Mon, 22 Mar 1999

Rp 918.6m financial aid given to poor residents

JAKARTA (JP): The Indonesian Committee for Humanitarian Programs (KKI) distributed Rp 918.6 million in financial aid to residents of poverty-stricken Cilincing, a subdistrict in North Jakarta, on Saturday.

The aid, handed over by KKI chairman Mar'ie Muhammad, includes soft loans for residents to start businesses and funds to pay for the repair of public facilities, and scholarships, food and medicines for teenagers, infants and pregnant women respectively.

The social program will last for one year.

"This money is not charity. It's strongly hoped that the fund can be used by residents to cope with the crisis and build this subdistrict as well," Mar'ie, a former minister of finance in Soeharto's regime, told journalists on Saturday.

The funds were donated by among others, the New Zealand government and Aerowisata hotel group.

Of the total amount, Rp 50 million will be used for administration costs.

The remaining Rp 868.6 million has been allocated as follows: Rp 439 million for the running of 514 businesses in 10 neighborhoods in the subdistrict, Rp 91 million for building and repairing public facilities, Rp 119.4 million for food and medicines and Rp 219.6 million for education.

The business endeavors include trade, home industry and agriculture. Recipients of aid are required to pay 12 percent per annum in administration fees.

KKI said the businesses would give work opportunities to 1,370 people.

The repair work will be carried out on 14 roads, seven drainage systems, two public bathrooms, one water pipe, several educational facilities, 30 garbage trucks and two garbage dumpsters.

The packages for food and medicines includes Rp 62.8 million for 131 elderly people, Rp 19.4 million for 1,221 children, Rp 4 million for 126 pregnant women and Rp 6.1 million for 17 mosque watchmen.

The education project will provide scholarships to 963 schoolchildren and a yearly sum of Rp 18.9 million for 21 honorary teachers.

The handover of the funds, done in collaboration with World Vision International, was witnessed by among others, Governor Sutiyoso, New Zealand Ambassador to Indonesia Michael Green and World Bank Indonesia country director Dennis de Tray and his wife Marie.

Others present included State Minister of National Development Planning Boediono, military observer Rudini and a few KKI members, including businessman Chairul Tanjung, former health minister Sujudi and former ambassador to the United Kingdom J.E. Habibie.

It is the second of about 60 social projects KKI plans to organize. Donations to the organization are audited by international accounting firm Prasetio Utomo-Arthur Andersen.


United Nations Children's Fund (Unicef) representative for Indonesia Stephen J. Woodhouse pledged on Saturday that the organization would continue providing food assistance to poor people in the slum area of Bongkaran in Tanah Abang, Central Jakarta.

The first package will be in the form of soybean milk, Woodhouse told scores of local people during a "Care Action for Indonesia's Malnourished Children Under Five," which was arranged by non-governmental organization Anak Bangsa foundation.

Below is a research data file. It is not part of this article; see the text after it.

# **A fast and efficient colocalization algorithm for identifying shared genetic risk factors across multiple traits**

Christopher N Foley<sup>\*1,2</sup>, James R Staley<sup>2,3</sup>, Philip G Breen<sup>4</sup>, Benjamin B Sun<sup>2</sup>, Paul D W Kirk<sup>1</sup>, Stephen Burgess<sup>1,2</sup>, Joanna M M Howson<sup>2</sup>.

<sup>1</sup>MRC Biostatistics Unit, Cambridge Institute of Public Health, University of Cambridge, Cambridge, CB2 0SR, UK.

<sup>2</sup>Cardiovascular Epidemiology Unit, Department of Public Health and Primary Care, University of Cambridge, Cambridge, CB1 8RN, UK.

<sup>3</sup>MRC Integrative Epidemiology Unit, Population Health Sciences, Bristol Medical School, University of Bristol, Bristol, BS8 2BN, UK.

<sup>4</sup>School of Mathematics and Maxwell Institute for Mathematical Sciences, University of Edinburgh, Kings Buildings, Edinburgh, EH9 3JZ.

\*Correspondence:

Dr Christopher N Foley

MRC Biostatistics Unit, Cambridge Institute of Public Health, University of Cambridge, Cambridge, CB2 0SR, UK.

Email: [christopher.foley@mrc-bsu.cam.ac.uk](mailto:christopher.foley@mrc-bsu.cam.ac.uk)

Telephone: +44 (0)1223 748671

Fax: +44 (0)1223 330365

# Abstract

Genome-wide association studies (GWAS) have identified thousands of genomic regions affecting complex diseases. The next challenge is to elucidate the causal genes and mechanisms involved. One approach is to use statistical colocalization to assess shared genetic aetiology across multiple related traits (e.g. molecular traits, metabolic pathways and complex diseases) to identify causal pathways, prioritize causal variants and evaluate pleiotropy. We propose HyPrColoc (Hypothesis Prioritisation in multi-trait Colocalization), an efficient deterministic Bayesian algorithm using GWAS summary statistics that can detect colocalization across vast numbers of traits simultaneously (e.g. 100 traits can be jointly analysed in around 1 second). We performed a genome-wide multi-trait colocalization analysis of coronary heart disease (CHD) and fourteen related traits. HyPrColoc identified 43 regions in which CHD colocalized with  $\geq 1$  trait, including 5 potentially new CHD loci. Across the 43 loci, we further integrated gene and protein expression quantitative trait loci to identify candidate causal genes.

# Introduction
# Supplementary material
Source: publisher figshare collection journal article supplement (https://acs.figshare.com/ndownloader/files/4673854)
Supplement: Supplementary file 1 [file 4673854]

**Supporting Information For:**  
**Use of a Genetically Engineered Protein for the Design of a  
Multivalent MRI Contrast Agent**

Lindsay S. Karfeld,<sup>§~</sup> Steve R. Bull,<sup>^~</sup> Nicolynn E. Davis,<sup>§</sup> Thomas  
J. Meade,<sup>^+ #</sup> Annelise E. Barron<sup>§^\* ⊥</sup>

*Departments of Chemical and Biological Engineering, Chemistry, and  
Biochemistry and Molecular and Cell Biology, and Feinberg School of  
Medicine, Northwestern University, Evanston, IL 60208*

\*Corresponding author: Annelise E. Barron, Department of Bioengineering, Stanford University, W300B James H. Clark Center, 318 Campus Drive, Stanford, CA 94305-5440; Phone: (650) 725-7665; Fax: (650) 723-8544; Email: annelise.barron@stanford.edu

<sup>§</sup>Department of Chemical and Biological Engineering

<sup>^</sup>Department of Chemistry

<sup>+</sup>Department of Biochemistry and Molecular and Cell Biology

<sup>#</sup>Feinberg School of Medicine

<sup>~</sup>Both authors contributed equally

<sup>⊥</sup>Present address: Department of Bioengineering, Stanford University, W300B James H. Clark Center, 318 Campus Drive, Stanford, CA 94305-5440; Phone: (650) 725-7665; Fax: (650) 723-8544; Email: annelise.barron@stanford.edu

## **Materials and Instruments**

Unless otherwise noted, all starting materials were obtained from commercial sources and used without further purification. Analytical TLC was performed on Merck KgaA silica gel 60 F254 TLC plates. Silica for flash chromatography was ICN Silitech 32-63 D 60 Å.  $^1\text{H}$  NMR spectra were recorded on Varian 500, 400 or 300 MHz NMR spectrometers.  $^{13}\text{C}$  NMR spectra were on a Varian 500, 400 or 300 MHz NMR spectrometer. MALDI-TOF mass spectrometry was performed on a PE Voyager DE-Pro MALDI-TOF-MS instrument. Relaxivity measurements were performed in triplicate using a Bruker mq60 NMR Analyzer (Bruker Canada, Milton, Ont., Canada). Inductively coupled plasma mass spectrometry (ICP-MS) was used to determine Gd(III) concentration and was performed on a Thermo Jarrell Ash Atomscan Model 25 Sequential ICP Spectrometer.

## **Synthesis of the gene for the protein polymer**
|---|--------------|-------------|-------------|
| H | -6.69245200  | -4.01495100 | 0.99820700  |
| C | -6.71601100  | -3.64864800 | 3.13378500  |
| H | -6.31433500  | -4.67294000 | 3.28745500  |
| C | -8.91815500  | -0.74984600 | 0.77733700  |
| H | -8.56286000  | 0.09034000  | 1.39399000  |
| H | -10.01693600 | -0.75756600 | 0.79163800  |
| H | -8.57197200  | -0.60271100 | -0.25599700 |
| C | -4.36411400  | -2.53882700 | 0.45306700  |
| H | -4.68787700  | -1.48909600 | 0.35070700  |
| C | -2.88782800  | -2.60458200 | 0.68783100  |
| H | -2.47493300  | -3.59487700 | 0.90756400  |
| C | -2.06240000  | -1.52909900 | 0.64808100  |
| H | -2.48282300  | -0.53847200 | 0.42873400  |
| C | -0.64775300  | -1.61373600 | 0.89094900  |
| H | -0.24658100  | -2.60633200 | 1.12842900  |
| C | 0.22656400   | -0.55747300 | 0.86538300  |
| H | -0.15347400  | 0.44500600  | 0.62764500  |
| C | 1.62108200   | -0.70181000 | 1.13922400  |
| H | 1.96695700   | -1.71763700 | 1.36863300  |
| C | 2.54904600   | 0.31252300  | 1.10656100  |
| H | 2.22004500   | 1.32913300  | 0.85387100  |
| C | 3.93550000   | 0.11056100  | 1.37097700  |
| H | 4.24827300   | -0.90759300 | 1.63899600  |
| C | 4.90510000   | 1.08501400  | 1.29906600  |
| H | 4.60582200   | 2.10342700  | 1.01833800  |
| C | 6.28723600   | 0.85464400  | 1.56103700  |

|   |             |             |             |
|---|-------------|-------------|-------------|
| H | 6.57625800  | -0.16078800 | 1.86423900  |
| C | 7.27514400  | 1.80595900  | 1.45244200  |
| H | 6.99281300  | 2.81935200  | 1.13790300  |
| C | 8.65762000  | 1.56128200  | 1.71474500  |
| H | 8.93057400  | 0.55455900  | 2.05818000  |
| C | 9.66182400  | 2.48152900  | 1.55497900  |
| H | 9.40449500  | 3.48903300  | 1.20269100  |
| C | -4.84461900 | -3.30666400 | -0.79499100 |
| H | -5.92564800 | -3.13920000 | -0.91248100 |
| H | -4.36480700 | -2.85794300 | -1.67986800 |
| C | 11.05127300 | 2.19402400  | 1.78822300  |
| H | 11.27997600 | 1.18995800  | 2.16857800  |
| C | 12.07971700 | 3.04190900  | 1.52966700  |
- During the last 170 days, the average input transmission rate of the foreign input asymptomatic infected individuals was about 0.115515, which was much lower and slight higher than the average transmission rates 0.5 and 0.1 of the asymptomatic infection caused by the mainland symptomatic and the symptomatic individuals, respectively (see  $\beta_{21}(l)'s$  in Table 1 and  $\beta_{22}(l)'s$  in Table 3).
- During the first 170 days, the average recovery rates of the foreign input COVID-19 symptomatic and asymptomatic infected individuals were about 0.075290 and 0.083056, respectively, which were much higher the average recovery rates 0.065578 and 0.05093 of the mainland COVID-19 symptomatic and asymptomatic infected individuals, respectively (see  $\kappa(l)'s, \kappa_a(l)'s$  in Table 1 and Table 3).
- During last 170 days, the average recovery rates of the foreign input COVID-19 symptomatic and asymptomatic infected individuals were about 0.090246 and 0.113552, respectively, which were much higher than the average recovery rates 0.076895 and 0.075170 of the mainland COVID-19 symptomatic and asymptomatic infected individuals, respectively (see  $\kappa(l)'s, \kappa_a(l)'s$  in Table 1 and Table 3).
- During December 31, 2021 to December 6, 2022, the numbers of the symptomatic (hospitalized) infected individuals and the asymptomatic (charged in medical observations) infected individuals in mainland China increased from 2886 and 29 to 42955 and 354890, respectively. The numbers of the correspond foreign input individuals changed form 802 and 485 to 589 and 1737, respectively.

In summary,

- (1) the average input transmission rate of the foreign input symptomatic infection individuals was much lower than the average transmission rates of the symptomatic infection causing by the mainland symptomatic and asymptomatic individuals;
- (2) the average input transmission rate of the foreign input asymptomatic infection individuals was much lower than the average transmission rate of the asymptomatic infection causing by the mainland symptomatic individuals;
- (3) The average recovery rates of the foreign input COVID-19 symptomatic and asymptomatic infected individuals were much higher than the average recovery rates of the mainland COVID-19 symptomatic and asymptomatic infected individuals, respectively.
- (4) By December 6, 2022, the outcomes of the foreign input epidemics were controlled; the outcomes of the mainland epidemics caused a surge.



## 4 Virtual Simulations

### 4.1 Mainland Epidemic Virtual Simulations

"Actually, one of these food packages costs Rp 4,000, but we will donate the packages to the NGO (Anak Bangsa Indonesia), which will sell it to needy people for only Rp 500 each," he said without further explanation.

"The revenue collected by Anak Bangsa could be used for other social programs of the foundation," Woodhouse said in front of 40 attendees, mostly mothers carrying children.

In an attempt to gauge locals' response to Unicef's plan, he asked the women whether they were ready to pay Rp 500 for the Unicef-sponsored soybean milk.

The mothers spontaneously shouted "Yes!"

Woodhouse did not say when the plan would be realized, but said details for soybean milk delivery to needy children under five "is being negotiated with the Anak Bangsa foundation".

"The future of Indonesia depends on children under five, who are the country's future leaders," he said, adding that nutritious food was essential to a child's mental development.

According to Rosmailis A. Moedjitaba, chairman of the foundation, the health condition of the country's infants should not only attract the attention of big institutions like Unicef.

He said that all national elements should care about dying babies, babies who are suffering from malnutrition and a shortage of nutrients.

"Data we have gathered from some sources shows that across the country there are many children under five who lack nutrition," she said.

Saturday's occasion was also attended by noted physician Hembing Wijayakusuma and Jalaludin Rahmat, a member of Anak Bangsa Foundation's board of advisers.

Vocal politician Amien Rais failed to appear at the site due to a tight schedule, a committee member said.

The giving of nutritional food and beverages by public figures to children under five in the surrounding areas of Bongkaran highlighted the program.

The foundation said in statement on Saturday that there were at least 24 children under five with malnutrition admitted to several community health centers in South Sulawesi and eight malnourished babies reported in Pontianak, Central Kalimantan, every month.

The social program over the weekend was colored by live music performed by three street musicians.

Many of the Bongkaran residents hailed the social program jointly sponsored by Anak Bangsa and Unicef. (ylt/01)